Bacteria cells under microscope, from iStock

How Culture Biosciences is helping biomanufacture agrifood, pharma products from microbes at scale

March 4, 2020

You may have heard a growing number of agri-foodtech startups talk about how they’re “harnessing nature” to create new products and technologies. It could be they’ve discovered a soil microbe that can help crops grow under tough conditions or uptake nitrogen with more efficacy, or they’ve genetically designed a microbe to secrete a particular protein that can be used as an ingredient in new food products or materials — an obvious example is the animal-free arena.

Biomanufacturing is the term used to describe the process of using biological systems as opposed to chemistry to produce commercial biomaterials. Crudely this means using certain microbes — naturally-occurring species or genetically designed — to produce certain materials. Yeast is a good example; you feed it sugar to make alcohol. With the advance of tools like genetic editing, biomanufacturing stands to increasingly replace chemical, petroleum-based manufacturing across multiple product types, creating new possibilities without the limitations of chemistry, but also potentially leading to a significant reduction in the environmental footprint of manufacturing across product types.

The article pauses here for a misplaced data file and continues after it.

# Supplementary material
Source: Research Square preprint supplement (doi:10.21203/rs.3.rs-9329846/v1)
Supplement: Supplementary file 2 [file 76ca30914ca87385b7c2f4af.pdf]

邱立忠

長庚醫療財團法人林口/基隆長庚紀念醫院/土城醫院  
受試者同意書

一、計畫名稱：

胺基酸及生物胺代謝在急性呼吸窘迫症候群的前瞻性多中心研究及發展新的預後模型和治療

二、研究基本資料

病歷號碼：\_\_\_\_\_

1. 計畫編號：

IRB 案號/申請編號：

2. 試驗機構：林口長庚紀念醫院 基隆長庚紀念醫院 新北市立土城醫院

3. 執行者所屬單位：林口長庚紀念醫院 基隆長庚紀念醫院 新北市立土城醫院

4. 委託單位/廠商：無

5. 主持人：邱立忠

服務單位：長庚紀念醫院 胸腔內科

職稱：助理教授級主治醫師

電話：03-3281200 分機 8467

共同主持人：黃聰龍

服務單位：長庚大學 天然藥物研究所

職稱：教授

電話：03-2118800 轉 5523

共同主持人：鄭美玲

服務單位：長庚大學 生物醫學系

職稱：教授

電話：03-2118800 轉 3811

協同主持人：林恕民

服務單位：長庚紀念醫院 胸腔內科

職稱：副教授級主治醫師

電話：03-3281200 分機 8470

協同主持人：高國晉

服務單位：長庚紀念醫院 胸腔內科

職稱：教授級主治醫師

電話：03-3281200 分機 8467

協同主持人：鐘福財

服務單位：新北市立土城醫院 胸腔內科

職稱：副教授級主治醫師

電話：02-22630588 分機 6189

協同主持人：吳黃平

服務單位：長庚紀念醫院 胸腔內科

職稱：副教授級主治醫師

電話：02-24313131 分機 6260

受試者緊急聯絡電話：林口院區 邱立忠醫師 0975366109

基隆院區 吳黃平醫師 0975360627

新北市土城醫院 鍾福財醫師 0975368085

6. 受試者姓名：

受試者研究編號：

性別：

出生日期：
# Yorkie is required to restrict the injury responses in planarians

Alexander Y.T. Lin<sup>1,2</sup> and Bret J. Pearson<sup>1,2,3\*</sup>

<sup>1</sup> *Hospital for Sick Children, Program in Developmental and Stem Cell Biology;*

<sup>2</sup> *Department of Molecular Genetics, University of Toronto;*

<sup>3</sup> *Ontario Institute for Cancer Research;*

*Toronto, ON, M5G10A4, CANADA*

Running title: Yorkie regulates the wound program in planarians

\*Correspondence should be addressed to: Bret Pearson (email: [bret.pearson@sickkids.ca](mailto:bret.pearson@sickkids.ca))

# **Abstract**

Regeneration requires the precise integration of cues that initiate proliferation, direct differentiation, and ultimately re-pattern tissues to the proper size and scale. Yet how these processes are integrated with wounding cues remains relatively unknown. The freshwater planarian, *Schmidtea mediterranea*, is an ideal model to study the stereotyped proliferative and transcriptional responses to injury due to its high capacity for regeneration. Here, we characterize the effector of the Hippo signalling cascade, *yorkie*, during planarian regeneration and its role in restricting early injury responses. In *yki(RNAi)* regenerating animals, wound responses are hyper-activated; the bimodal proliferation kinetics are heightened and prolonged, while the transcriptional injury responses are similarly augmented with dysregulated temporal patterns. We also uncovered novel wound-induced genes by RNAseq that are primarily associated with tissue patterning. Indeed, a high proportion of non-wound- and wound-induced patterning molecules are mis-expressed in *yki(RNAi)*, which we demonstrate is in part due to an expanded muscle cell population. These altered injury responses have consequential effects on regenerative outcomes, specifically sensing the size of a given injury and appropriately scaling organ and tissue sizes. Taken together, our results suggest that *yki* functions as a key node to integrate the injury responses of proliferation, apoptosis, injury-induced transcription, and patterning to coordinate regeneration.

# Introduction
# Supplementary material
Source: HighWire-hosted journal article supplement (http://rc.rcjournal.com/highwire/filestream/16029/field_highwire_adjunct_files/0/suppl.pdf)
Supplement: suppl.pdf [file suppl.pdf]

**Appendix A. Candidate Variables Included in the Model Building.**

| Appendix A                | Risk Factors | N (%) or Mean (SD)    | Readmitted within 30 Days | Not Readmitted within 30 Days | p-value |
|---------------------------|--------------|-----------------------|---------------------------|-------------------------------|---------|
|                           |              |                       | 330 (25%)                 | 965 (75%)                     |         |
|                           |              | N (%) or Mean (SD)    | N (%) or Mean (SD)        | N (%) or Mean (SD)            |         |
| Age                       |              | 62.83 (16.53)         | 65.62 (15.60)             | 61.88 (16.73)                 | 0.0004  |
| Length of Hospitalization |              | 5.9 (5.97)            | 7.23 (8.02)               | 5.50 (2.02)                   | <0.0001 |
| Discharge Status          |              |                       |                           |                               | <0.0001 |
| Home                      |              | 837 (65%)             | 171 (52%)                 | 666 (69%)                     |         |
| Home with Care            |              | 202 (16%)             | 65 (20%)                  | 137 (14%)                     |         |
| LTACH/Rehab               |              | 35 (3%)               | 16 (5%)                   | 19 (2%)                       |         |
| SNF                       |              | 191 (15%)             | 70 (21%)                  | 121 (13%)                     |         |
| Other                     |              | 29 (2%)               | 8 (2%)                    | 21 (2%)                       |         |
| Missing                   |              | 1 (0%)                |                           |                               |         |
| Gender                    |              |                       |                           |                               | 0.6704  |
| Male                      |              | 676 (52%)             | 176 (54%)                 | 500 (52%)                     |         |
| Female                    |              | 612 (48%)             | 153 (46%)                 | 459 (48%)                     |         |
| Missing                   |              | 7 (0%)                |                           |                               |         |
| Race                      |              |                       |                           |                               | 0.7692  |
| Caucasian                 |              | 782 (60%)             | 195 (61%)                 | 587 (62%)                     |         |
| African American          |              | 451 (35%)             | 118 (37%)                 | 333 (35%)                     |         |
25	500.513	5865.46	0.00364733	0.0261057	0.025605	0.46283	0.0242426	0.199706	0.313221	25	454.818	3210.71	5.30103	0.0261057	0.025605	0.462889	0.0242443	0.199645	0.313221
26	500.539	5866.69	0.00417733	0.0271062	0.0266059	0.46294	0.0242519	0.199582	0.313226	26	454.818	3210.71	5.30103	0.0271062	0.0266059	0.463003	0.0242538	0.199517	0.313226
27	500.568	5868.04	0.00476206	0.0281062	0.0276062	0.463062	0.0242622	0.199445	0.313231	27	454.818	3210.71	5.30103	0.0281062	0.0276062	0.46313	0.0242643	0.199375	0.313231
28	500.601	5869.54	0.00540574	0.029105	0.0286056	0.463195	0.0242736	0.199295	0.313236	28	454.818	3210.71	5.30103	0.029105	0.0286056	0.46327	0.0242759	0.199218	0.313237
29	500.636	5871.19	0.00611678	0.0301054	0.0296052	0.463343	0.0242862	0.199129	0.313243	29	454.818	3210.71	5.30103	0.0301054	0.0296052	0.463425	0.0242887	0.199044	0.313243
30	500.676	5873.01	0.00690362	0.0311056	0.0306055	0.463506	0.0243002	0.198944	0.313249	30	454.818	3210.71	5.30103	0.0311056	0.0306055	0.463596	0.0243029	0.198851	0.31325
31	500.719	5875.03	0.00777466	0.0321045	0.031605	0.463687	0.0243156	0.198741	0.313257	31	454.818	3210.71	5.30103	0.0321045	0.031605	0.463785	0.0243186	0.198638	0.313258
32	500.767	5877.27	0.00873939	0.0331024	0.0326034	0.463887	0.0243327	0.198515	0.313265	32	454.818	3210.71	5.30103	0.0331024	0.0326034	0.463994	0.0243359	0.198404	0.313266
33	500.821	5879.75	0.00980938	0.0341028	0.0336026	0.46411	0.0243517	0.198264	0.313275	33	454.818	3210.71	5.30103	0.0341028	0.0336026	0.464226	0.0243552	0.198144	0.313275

“As the population expands and demands on resources grow, biomanufacturing has the potential to deliver products that are more sustainable than extracted carbon, safer than small-molecule chemistry, and more efficient than fed livestock protein,” Dan Phillips from agri-foodtech investor Cultivian Sandbox tells AFN. 

But at scale, it’s still expensive, complicated and takes a long time.

“Typically it takes five years for a biomanufactured product to get to market,” says Will Patrick, CEO of Culture Biosciences (Culture), a startup that was founded in 2016 to change this. “We were so inspired by the possibility of biomanufactured products, whether for proteins or crop treatments or healthcare products, that we wondered how we could make them go faster and get to market more quickly for a bigger impact.”


Today, Culture has closed a $15 million Series A round led by agri-foodtech’s longest-running VC Cultivian Sandbox and joined by another new investor The Production Board. The Production Board was founded by David Friedberg, the founder of Climate Corp, agtech’s first digital unicorn that sold to Monsanto in 2013. He will join the board alongside Cultivian’s Dan Philips. Existing investors Verily Life Sciences, Section 32, YCombinator, and E14 Fund also joined the round.